The class I taught at the Christian liberal arts college was a different story altogether. I’m an Evangelical Christian (In the Carl F. H. Henry sense of the designation), and a graduate of a Southern Baptist seminary, so I felt very thankful for the space to express how my faith guided my understanding of ethics and my approach in teaching it. My department head, a seasoned and wise philosophy professor, gave me some excellent texts to play with, and I’m eternally grateful for his guidance. He introduced me to Disputed Moral Issues by Mark Timmons, and The Moral of the Story by Nina Rosenstand. Timmons’ book was a go-to basic ethical systems book that I used for several years, and Rosestand’s book was a work of art, incorporating countless movie and novel scenarios into discussions on major ethical issues. But neither one of these texts approached ethics from a distinctly Christian worldview, and I did not have the years of research and engagement necessary to write my own thorough text that hit all the basic systems and issues. So, I explored…and failed. I first went to an old Evangelical stalwart, Dr. Norman Geisler. I thought it’d be a safe and accessible option, but I found myself constantly apologizing to my students for either the shallowness of the arguments or the lack of contemporary relevance of the subject matter. No offense intended toward Dr. Geisler, for he had helped me think through other theological issues and I still hold him in great respect. Next, I went more moderate in my approach and used Kingdom Ethics by David Gushee (pre-LGBTQ affirming), and Glen Stassen. I agreed with a lot of what was in this text, but it was very focused on the Sermon on the Mount and came across as overly preachy. Plus, it was thick, and difficult to get through with the students. Next, I went old-school and picked up a book called Moral Nexus by James B. Nelson, first printed in the 70’s. Again, I found some things I liked, but it was out of date, inaccessible to the students, and too focused on ecclesiological concerns.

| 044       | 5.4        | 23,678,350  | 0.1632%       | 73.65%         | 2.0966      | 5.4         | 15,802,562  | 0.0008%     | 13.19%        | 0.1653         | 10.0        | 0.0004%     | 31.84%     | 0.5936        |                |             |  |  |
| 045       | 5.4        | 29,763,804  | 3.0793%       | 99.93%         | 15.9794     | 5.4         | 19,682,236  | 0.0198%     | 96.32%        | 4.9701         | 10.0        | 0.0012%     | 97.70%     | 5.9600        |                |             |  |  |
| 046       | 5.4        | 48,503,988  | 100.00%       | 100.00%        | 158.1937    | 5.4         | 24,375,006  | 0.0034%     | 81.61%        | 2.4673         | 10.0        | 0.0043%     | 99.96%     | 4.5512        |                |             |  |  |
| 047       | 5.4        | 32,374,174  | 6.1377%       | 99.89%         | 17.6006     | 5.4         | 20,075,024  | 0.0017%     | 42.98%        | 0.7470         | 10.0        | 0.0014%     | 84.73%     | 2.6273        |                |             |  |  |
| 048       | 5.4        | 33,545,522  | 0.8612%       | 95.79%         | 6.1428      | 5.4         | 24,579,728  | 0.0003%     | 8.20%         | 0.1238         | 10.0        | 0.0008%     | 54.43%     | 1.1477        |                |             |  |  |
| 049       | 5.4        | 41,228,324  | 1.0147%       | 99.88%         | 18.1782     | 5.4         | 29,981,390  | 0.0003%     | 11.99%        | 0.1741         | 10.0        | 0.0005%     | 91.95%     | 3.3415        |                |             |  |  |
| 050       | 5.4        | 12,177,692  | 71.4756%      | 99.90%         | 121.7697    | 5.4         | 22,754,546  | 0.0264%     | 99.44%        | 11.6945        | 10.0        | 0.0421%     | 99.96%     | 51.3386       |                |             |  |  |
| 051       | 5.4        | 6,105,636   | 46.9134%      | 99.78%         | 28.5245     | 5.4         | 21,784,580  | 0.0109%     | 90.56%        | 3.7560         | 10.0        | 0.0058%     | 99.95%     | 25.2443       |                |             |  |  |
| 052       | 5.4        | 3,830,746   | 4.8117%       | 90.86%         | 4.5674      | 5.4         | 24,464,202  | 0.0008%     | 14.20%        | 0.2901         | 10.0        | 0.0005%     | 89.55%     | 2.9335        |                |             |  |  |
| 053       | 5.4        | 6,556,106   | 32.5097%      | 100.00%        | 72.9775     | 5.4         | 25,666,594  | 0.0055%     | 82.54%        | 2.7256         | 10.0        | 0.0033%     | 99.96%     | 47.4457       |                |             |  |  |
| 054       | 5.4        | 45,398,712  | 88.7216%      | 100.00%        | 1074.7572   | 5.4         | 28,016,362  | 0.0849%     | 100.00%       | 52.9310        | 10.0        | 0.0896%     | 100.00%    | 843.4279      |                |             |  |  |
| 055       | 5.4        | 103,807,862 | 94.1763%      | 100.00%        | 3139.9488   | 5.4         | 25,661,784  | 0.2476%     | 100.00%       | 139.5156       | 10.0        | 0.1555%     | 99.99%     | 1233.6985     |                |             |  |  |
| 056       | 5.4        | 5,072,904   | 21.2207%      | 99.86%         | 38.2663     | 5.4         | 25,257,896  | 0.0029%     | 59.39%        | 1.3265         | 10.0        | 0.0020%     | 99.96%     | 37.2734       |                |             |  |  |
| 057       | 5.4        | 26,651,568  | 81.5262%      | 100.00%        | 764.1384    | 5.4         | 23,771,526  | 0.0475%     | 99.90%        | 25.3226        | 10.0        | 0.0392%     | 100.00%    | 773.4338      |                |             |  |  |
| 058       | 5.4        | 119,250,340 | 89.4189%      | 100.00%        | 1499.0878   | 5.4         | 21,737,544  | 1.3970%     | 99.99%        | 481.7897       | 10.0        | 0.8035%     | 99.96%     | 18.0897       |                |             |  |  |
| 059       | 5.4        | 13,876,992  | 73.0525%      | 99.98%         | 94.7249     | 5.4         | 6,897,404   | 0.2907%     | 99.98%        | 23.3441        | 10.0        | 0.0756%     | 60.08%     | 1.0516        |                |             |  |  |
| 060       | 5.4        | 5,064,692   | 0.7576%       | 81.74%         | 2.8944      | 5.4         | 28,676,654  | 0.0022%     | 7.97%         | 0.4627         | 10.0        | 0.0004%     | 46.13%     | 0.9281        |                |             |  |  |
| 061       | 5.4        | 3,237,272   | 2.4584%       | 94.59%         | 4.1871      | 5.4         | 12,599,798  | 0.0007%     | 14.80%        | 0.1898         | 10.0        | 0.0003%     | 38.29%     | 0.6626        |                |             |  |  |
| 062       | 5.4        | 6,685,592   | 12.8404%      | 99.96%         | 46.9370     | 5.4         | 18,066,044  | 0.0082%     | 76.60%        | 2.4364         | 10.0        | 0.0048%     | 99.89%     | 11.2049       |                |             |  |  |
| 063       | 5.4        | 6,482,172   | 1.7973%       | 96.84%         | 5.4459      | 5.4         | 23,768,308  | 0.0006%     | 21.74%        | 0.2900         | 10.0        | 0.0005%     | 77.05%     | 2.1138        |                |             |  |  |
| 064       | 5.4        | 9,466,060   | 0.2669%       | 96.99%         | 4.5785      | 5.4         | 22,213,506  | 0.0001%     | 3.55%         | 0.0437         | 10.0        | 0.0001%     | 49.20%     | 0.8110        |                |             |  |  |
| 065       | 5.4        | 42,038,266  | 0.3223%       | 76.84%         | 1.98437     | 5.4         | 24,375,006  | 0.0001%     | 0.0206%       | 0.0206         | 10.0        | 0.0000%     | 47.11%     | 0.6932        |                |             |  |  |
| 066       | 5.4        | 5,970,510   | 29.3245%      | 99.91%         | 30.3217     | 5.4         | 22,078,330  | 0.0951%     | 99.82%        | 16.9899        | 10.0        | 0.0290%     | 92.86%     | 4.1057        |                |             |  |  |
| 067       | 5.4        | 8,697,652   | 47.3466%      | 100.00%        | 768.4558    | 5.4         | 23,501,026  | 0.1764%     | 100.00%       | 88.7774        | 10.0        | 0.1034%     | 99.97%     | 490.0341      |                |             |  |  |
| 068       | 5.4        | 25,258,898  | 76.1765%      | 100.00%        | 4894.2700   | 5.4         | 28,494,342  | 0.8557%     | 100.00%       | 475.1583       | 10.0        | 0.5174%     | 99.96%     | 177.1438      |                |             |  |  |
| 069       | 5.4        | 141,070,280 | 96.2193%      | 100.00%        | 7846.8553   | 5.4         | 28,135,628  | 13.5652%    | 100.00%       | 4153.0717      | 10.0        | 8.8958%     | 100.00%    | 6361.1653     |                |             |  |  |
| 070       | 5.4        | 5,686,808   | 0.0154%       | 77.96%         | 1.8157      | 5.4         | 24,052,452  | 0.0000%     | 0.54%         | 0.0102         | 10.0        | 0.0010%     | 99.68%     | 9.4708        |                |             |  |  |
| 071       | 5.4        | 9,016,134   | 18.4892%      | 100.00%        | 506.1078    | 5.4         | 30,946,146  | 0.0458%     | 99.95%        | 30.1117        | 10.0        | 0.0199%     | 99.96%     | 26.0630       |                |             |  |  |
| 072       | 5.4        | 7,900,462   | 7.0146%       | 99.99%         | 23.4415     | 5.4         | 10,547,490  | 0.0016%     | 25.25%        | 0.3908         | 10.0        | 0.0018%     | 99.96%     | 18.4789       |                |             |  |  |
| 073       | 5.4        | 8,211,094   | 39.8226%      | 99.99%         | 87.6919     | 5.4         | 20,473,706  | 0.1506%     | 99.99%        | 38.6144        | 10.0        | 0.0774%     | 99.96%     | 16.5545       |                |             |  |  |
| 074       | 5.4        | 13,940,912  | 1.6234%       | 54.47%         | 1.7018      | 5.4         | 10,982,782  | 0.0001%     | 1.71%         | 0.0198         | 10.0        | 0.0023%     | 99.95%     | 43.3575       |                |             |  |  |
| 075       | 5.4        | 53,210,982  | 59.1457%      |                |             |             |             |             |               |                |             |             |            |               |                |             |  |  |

Did I ever find a good book? Yes, I did. Surfing the internet for texts one day, I came across The Matrix of Christian Ethics by Patrick Nullens and Ronald Michener. It was gold. It approached the issues from a broadly Evangelical perspective, it engaged all the major contemporary ethical issues, it addressed post-modernity with fairness, and it gave practical wisdom for living out a Christian ethic. If you want a good intro to ethical thinking from an orthodox Christian perspective, then this is your book. I loved the book so much I decided to go study under Nullens in Belgium for my PhD.